TOKYO - The Asia Pacific region is entering a period where there are major geopolitical shifts and difficult internal conditions to navigate, Prime Minister Lee Hsien Loong said on Thursday (Sept 29).
"Countries can only succeed in this challenging environment by strengthening our cooperation, and not by turning inward," he said in a speech to over 500 people at a special session of the Nikkei conference in Tokyo.
PM Lee is on a four-day official visit to Tokyo, which ends on Thursday, to mark 50 years of bilateral ties between Singapore and Japan. He was invited to deliver a keynote speech at a special session of the 22nd Nikkei International Conference on The Future Of Asia, held by Japanese publisher Nikkei.
He noted that in many economies, "protectionist, anti-immigrant, anti-globalisation sentiments are prevalent". But Asia is "not doing badly" compared to the rest of the world.
"The European Union faces fundamental problems ranging from refugees to Euroscepticism and Brexit, while the United States is in the midst of a troubled and untypical Presidential election," he said, adding that terrorism is also a problem for many countries.
But Asia has its own issues, he said, devoting a large part of his speech to shifting regional dynamics.
China's rise a plus
PM Lee stressed that China's rise is overall "a huge plus for the world", and its success and growing inter-dependence with other countries have contributed greatly to the prosperity of Asia and the world.
But its rise "requires every country to make major adjustments", PM Lee said. "This calls for restraint and wisdom from all sides."
China has itself had to adjust to this new role, and take on new responsibilities as an emerging major power, he said. This is evident from its growing contributions to United Nations peacekeeping operations, and Beijing's early ratification of the Paris Agreement on climate change.
But at the same time, PM Lee said: "China should be mindful of the natural unease and apprehension that its rapid rise elicits in its neighbours and other powers.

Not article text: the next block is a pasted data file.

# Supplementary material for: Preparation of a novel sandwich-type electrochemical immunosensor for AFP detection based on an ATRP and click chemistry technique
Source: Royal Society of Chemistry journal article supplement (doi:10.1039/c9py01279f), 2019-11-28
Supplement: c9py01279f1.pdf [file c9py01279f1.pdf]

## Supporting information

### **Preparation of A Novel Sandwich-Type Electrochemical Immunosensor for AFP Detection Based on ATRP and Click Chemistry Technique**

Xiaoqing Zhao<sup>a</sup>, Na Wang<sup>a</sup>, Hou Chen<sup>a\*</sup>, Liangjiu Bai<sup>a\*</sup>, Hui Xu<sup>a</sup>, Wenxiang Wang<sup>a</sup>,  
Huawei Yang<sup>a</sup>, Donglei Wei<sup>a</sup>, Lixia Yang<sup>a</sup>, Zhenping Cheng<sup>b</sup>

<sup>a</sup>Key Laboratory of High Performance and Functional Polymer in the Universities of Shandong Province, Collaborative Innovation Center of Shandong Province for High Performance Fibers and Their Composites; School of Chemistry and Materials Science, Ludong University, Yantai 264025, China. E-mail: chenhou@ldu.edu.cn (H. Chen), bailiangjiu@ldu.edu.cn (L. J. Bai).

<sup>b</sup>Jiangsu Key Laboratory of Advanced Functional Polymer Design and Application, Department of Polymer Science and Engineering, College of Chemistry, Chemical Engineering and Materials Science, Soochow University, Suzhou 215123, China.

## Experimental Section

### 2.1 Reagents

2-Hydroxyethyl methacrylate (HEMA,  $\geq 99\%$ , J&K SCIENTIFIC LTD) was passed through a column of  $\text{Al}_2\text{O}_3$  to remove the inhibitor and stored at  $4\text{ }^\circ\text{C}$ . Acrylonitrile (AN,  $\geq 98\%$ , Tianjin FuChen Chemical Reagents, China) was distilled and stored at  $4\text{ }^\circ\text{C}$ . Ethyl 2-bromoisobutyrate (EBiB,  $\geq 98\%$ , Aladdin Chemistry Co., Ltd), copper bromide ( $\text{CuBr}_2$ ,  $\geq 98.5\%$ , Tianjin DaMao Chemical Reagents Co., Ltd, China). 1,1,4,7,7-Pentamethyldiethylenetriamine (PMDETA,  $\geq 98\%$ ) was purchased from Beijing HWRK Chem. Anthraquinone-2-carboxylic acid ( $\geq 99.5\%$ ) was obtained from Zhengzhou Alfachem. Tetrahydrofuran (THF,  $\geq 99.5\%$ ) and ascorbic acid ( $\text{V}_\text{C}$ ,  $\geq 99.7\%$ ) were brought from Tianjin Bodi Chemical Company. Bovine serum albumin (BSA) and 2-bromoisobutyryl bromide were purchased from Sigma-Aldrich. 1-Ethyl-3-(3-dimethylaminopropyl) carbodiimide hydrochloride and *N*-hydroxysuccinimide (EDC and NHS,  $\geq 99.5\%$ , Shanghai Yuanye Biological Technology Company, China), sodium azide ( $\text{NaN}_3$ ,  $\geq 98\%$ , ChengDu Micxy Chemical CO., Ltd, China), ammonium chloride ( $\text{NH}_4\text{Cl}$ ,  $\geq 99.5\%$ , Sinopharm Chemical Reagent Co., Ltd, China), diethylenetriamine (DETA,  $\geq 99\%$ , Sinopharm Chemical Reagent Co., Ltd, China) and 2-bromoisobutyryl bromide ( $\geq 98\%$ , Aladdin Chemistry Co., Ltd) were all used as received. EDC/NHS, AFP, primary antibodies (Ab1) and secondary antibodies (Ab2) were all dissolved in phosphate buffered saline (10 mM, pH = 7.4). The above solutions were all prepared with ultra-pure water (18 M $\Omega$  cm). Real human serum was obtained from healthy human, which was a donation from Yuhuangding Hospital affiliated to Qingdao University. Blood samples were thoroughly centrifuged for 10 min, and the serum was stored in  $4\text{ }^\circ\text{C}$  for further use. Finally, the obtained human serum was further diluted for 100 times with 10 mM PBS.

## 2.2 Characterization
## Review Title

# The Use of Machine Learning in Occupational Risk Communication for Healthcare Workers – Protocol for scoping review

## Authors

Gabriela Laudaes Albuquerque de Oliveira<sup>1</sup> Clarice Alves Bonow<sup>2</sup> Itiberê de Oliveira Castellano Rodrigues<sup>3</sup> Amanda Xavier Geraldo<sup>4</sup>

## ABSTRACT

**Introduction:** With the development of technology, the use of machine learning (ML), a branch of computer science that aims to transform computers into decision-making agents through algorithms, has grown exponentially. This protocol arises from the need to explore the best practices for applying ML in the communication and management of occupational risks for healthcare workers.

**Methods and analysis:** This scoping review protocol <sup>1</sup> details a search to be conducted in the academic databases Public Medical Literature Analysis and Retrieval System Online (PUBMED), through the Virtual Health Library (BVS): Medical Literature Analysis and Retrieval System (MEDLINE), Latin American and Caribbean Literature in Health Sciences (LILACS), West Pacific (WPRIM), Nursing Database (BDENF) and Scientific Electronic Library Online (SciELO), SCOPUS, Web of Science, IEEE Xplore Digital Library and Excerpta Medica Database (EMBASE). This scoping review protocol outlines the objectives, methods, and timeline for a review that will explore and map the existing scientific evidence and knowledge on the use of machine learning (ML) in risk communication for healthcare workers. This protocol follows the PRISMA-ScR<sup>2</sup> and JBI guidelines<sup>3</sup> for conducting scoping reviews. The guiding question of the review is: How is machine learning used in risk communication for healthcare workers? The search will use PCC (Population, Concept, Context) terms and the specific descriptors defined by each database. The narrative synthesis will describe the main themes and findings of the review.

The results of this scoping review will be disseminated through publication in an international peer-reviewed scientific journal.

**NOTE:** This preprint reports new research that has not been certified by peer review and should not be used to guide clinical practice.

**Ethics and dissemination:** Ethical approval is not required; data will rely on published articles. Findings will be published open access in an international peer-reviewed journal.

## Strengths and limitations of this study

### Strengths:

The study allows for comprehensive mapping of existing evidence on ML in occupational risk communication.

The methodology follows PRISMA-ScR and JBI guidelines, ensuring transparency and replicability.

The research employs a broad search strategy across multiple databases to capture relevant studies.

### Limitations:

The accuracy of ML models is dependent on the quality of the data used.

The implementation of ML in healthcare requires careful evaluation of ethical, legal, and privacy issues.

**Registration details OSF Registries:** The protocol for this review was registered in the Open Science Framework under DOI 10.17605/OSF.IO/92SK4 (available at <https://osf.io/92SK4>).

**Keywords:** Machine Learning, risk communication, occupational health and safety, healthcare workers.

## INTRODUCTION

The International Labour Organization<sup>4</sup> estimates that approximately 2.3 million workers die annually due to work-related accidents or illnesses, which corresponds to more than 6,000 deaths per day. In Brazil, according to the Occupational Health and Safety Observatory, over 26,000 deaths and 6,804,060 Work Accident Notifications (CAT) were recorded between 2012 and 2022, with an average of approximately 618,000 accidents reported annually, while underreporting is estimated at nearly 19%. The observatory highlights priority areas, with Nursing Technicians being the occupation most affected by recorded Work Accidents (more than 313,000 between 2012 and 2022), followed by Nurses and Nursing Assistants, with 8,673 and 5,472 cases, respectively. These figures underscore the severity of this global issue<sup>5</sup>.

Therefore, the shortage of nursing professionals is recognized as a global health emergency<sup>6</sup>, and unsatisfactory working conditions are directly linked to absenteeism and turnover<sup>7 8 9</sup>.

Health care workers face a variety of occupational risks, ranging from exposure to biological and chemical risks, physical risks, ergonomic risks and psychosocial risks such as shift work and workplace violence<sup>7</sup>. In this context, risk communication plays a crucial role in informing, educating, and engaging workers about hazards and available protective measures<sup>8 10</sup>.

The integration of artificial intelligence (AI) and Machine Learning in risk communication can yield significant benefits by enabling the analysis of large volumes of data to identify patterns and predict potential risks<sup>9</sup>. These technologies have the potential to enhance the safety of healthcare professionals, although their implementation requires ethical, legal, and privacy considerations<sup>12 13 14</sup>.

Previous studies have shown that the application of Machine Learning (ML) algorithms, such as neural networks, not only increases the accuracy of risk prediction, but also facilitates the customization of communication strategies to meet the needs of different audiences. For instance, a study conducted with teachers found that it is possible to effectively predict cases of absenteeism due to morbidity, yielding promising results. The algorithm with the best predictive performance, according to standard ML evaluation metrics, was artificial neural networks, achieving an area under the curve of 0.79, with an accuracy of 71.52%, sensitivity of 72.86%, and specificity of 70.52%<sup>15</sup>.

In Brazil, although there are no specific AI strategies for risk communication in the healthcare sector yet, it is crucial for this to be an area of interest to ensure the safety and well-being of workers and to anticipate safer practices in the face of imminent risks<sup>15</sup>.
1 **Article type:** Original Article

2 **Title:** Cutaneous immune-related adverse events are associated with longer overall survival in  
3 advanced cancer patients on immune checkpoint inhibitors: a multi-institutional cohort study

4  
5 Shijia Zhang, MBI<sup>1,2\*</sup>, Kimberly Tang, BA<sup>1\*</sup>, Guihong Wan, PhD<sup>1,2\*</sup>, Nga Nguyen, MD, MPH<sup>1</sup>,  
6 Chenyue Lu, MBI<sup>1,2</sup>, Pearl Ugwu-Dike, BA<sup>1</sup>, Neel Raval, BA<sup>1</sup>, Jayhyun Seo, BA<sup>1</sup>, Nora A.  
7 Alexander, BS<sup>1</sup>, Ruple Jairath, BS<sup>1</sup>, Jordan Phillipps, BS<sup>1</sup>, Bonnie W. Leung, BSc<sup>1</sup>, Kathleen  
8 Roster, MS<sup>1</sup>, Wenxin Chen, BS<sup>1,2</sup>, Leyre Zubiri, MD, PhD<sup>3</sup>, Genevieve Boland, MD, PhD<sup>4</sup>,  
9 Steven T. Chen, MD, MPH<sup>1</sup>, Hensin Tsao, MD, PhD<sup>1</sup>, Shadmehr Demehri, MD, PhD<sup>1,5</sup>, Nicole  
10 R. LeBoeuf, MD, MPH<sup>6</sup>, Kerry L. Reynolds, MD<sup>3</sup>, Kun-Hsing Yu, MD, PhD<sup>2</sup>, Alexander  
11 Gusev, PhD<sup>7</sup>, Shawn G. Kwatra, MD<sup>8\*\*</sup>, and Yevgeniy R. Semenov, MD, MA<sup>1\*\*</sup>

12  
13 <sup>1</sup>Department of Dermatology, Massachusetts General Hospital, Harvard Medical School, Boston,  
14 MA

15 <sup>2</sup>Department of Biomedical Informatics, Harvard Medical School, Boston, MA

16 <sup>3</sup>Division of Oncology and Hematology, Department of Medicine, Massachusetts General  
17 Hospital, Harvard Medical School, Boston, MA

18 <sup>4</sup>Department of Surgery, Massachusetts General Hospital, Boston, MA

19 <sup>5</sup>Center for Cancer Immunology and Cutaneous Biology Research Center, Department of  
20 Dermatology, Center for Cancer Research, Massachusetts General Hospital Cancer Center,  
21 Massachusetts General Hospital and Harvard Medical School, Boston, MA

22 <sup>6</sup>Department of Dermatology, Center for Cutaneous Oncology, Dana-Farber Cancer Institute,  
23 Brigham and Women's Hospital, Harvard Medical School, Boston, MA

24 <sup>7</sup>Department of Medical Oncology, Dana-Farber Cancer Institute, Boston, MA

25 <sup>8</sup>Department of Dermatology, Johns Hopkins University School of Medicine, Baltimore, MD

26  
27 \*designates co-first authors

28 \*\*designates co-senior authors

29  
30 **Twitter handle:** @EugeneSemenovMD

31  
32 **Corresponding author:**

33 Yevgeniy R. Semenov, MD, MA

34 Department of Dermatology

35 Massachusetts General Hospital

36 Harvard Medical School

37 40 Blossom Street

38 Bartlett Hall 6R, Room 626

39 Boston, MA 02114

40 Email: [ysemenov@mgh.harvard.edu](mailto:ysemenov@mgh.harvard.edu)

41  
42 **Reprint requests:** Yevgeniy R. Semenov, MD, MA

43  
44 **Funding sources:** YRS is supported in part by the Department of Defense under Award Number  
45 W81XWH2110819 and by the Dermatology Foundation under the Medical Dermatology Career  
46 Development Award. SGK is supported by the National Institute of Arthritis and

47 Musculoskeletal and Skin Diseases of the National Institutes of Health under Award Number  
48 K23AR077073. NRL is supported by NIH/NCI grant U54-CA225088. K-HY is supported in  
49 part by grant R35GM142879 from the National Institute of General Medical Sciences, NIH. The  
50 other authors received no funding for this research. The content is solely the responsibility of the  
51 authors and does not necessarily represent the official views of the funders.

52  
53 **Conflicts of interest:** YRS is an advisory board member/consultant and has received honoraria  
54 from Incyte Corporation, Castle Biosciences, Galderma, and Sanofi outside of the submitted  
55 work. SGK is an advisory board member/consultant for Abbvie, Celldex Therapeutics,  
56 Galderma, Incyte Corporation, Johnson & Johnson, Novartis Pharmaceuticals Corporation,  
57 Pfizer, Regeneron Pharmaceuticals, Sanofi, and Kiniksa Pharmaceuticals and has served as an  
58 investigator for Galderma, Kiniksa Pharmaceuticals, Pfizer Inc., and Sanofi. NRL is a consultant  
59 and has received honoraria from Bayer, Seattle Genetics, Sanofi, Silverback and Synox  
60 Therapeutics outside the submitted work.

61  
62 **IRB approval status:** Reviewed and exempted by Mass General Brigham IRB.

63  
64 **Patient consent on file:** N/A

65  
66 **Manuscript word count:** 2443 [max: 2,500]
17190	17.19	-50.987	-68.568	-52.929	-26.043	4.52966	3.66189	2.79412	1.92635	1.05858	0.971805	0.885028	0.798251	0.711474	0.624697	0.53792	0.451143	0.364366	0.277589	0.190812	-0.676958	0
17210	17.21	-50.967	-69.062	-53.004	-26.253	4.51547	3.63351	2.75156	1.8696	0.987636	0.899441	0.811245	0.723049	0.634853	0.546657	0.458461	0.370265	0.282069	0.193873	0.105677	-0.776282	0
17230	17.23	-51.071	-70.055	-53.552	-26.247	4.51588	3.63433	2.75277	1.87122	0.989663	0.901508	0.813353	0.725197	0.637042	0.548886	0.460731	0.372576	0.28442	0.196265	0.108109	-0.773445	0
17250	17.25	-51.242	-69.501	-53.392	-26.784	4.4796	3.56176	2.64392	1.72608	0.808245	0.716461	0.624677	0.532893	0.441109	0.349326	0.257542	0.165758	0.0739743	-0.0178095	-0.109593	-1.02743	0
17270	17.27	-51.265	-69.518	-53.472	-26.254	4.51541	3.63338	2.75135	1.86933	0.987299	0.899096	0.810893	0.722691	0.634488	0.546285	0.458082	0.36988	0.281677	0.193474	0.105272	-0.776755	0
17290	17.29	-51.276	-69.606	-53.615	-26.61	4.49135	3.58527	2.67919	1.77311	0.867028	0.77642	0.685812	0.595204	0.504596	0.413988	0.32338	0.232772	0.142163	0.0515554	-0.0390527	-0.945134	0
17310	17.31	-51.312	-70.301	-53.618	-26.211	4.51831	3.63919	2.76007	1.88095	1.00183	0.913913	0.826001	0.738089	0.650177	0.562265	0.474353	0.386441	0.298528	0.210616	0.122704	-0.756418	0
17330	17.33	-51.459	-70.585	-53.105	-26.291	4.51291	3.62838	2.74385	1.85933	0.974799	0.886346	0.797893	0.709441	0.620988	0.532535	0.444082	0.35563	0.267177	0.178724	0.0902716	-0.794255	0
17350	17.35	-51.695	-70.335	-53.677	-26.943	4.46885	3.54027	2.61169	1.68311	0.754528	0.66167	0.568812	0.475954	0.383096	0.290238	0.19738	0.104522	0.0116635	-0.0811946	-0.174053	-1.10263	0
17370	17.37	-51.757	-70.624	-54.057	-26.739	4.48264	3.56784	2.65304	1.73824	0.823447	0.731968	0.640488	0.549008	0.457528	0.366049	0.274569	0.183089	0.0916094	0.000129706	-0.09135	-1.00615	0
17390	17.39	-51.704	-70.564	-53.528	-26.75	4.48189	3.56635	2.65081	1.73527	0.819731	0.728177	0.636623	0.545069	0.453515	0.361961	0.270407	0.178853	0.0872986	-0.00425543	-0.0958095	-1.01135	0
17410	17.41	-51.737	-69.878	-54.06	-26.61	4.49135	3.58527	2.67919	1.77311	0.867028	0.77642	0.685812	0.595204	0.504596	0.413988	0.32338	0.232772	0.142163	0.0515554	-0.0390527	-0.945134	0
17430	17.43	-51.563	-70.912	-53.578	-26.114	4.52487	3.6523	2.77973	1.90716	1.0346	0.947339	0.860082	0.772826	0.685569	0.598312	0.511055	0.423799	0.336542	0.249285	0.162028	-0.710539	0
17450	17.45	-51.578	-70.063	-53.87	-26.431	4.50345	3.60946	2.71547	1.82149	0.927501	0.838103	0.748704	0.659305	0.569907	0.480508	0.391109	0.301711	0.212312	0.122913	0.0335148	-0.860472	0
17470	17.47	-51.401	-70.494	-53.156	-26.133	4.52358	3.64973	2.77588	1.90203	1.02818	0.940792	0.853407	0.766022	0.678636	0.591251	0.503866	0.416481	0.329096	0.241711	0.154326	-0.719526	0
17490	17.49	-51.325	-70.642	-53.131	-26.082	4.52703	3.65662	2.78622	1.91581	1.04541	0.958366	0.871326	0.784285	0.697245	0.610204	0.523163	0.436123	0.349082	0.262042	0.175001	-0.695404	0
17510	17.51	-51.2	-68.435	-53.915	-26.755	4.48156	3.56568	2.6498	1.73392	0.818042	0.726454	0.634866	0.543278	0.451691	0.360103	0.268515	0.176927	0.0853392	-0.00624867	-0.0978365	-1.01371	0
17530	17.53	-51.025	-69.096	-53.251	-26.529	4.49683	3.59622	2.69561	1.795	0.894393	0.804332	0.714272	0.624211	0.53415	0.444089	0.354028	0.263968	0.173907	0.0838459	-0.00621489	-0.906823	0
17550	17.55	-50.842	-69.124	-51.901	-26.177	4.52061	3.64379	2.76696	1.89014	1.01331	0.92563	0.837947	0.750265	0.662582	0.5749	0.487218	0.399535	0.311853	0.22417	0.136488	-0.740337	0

"It should act in such a way as to demonstrate that it is committed to building win-win relationships with other countries, and that while it seeks to revise existing frameworks and rules, it is not about to overturn the established international order which it has itself benefited from."
For smaller countries, like Singapore, they will need to “take the policies and interests of an emerging major player into our calculations”, he said, though there are also benefits in the new opportunities for trade and economic cooperation with China.
Other major powers, meanwhile, should "accommodate the legitimate interests of a growing China", as it strives for more influence over global developments.
"It will increase its contributions to international cooperation, in accordance with its capabilities and resources, and in the hope of having more say at institutions such as the UN, IMF (International Monetary Fund) and World Bank," PM Lee said. "These aspirations need to be recognised, and given due weight and consideration by the other powers."
Against this context, "we have to expect frictions and disputes from time to time, especially between neighbours, because each country has its own national interests.
"It is thus not surprising that China is involved in territorial and maritime disputes in the South China Sea and the East China Sea," he said.
"But all sides have a vested interest in reaching a new and workable balance, and in minimising conflict. For if countries fail to work together, we are not just losing opportunities to prosper together, but are also putting at serious risk all that we have achieved so far."
This applies to China itself which, despite its size, is not self-sufficient.
Meanwhile, China's rise "has not been, and will not be, completely smooth", he said, given the "pressing" challenges of, among other things, the low wage, export-driven model of growth reaching its limits and growing demands to improve public services.